Periodical Reviews -- By: Anonymous
BSac 124:496 (Oct 67) p. 349
“Go Ye Into All The World And Preach Whose Gospel?” Elisabeth Elliott, Christian Herald, June, 1967, pp. 12-13, 60–63.
This article is a resume of Mrs. Elliot’s recent book No Graven Image (Harper, 1966), “a novel about missionary work,” the editorial note introducing this article explains, which “has caused consternation in conservative religious circles.” Here the fictional presentation (judged by many as largely autobiographical) is abandoned and the message of the novel, freed from the veils of story and symbolism, is stated plainly—”’The missions enterprise’ has become a Moloch, a mighty idol to whom we are willing to sacrifice certain things” (p. 63).
Before we rush too quickly to deny this accusation or condemn Mrs. Elliot, we should consider carefully what she is saying. Any criticism deserves evaluation. The main thrust of her indictment is that modern “missions have become big business for Christians” (p. 61) and we have become occupied in keeping the business booming instead of worshipping the Lord. Are these criticisms valid? The fact of the matter is that missions are big business simply because the task of reaching the world for Christ in our generation is a big task. In fact, if we expect to get the job done we had better get with it and make the business of missions even bigger. Some few cases may exist where “Christians have allowed the missionary business…to become our idol” (p. 62), and certainly this is an ever-present danger for all of us; but accusing the entire Christian missionary movement of this is unjustifiable.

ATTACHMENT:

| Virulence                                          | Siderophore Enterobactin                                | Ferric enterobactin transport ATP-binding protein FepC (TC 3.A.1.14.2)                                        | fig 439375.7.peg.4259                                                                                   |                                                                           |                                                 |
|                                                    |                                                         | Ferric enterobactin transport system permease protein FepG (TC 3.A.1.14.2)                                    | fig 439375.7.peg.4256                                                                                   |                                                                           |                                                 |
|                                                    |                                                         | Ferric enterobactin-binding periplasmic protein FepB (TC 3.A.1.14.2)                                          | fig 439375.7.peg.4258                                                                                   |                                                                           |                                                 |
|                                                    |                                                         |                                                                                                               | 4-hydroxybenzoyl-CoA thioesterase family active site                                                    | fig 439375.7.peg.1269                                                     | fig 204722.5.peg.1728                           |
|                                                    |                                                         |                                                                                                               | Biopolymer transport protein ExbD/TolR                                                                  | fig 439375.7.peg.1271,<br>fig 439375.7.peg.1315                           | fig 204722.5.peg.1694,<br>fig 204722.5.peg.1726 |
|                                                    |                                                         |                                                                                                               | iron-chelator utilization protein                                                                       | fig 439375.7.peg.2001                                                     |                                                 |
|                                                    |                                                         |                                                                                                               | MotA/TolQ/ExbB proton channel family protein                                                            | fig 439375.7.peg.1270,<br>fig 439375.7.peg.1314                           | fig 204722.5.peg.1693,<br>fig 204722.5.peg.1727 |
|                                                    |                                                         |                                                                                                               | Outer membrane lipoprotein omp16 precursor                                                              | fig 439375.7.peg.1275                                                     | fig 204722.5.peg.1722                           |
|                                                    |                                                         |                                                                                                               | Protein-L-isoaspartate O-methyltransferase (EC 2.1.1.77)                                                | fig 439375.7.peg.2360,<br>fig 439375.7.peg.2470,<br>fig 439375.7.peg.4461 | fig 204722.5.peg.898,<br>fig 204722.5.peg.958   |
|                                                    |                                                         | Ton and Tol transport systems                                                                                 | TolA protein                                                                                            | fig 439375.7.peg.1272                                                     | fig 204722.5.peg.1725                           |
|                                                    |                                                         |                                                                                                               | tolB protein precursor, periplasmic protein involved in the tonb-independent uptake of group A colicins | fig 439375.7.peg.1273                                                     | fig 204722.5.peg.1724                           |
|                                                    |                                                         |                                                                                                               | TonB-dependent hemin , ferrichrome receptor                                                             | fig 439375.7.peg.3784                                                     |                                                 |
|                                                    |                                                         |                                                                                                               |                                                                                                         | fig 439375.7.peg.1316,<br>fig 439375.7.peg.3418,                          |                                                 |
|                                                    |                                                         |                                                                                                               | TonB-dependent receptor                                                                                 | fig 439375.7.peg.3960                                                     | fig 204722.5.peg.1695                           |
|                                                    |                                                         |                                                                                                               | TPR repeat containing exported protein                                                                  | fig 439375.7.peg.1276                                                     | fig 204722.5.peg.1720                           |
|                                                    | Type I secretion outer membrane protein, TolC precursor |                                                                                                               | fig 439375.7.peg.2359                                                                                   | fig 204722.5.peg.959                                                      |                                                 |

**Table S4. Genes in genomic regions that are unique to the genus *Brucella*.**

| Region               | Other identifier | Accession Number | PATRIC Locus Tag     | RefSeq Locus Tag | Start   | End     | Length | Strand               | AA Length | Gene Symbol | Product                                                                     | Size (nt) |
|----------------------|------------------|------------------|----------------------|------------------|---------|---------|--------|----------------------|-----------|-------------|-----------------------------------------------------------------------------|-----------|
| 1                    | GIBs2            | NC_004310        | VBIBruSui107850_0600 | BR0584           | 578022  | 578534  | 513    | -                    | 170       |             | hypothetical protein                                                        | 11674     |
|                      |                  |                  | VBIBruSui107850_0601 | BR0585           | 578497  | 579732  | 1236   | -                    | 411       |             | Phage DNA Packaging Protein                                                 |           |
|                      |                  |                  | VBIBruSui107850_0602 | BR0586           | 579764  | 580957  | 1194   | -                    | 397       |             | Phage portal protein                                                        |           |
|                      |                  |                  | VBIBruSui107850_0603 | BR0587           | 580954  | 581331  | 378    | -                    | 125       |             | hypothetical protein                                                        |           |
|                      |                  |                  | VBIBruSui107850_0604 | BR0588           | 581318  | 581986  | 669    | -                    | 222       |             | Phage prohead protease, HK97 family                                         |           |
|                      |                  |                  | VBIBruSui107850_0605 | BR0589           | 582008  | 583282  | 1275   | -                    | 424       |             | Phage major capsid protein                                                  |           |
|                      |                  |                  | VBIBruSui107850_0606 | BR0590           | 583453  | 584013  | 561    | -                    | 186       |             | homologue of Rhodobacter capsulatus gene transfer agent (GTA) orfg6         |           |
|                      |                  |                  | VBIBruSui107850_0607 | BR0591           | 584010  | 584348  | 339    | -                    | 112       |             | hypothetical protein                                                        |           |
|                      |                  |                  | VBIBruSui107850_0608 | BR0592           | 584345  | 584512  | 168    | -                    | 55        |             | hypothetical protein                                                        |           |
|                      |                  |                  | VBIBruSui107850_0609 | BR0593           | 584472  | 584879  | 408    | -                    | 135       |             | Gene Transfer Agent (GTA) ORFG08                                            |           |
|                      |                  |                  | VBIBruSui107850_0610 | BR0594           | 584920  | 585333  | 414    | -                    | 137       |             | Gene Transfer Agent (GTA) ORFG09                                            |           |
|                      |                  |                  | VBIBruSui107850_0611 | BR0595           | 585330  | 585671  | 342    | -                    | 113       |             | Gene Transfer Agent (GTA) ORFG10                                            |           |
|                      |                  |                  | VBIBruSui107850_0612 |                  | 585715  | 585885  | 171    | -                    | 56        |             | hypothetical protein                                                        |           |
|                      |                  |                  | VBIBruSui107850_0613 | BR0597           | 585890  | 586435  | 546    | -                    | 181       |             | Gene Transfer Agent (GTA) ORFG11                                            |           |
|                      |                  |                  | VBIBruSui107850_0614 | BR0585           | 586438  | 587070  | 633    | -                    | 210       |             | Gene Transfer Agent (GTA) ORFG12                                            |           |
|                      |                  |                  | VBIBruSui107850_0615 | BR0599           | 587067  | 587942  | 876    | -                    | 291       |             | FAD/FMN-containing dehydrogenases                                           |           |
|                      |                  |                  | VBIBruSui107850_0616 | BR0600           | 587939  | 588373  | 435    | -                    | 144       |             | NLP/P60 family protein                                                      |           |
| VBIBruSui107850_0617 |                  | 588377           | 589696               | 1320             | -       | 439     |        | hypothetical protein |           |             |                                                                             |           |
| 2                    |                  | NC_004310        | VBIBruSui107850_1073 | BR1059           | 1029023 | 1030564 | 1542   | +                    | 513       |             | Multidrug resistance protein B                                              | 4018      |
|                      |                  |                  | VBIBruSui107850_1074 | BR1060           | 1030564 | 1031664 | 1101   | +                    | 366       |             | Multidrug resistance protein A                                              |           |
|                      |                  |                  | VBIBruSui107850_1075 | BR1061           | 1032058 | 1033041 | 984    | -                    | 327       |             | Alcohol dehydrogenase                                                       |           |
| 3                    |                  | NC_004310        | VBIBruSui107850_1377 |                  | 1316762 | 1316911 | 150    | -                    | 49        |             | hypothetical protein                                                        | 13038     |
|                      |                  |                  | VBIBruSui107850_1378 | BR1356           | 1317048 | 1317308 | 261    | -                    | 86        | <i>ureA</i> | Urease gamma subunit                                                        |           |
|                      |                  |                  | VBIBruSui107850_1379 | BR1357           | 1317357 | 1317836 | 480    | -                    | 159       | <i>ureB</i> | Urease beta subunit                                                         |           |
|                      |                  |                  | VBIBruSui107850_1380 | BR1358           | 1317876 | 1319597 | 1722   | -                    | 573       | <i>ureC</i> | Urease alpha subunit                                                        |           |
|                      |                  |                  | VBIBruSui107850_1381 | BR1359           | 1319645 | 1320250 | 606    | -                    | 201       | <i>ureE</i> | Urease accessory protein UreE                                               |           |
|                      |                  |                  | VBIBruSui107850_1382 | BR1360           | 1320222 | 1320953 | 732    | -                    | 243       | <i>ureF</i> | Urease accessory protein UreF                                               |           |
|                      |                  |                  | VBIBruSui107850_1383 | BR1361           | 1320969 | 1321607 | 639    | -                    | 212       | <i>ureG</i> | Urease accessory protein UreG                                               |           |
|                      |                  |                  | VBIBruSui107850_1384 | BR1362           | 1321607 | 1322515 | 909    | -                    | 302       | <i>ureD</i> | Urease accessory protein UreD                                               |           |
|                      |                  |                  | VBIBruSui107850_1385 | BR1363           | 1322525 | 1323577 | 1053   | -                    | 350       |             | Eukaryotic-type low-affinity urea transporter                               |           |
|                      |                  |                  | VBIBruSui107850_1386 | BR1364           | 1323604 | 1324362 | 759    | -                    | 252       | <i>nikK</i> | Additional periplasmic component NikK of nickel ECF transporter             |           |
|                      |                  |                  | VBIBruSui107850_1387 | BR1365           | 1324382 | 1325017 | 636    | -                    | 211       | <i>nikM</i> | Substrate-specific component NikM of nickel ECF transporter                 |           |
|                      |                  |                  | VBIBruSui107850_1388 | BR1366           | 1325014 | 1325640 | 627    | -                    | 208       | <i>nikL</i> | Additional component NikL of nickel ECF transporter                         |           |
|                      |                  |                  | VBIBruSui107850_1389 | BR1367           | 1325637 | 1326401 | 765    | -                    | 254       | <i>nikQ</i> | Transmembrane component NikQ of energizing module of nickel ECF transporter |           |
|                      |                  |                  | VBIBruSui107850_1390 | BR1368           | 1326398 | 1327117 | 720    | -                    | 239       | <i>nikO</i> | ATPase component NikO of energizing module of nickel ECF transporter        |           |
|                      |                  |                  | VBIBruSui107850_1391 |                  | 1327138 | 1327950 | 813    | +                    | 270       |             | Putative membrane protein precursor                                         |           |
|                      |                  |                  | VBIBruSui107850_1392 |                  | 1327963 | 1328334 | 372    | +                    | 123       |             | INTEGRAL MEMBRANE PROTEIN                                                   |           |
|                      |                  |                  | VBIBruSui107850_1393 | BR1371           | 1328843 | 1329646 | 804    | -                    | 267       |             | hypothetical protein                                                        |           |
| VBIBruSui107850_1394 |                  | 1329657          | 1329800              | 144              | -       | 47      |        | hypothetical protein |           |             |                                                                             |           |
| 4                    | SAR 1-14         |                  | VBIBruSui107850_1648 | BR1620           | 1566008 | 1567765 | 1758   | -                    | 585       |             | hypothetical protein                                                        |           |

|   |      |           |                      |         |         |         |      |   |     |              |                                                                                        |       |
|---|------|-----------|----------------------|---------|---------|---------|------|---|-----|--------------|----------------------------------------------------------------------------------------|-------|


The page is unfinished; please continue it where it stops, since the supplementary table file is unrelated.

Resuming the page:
The fact remains, which Mrs. Elliot seems to forget, that Christians still face the Great Commission of their resurrected, returning Lord Jesus Christ as a command that stands to be carried out. Whether the structure and the methods of the modern missionary movement are to be perpetuated or changed or abandoned, the responsibility to “go ye into all the world, and preach the gospel to every creature” (Mark 16:15) abides. Undoubtedly more flexibility and creativity in reaching the world for Christ is needed, but the modern missionary movement has been remarkably ingenious in technique and methodology.
Perhaps the saddest part of Mrs. Elliot’s article (and her novel) is that she apparently is
BSac 124:496 (Oct 67) p. 350
content to be the iconoclast, the chronic griper, the prosecuting attorney (and judge as well) of modern missions without offering any positive program of what Christians ought to do. Certainly a person of her experience in missions who has wrestled with the problems she discusses as much as she has (see p. 61) could mak...
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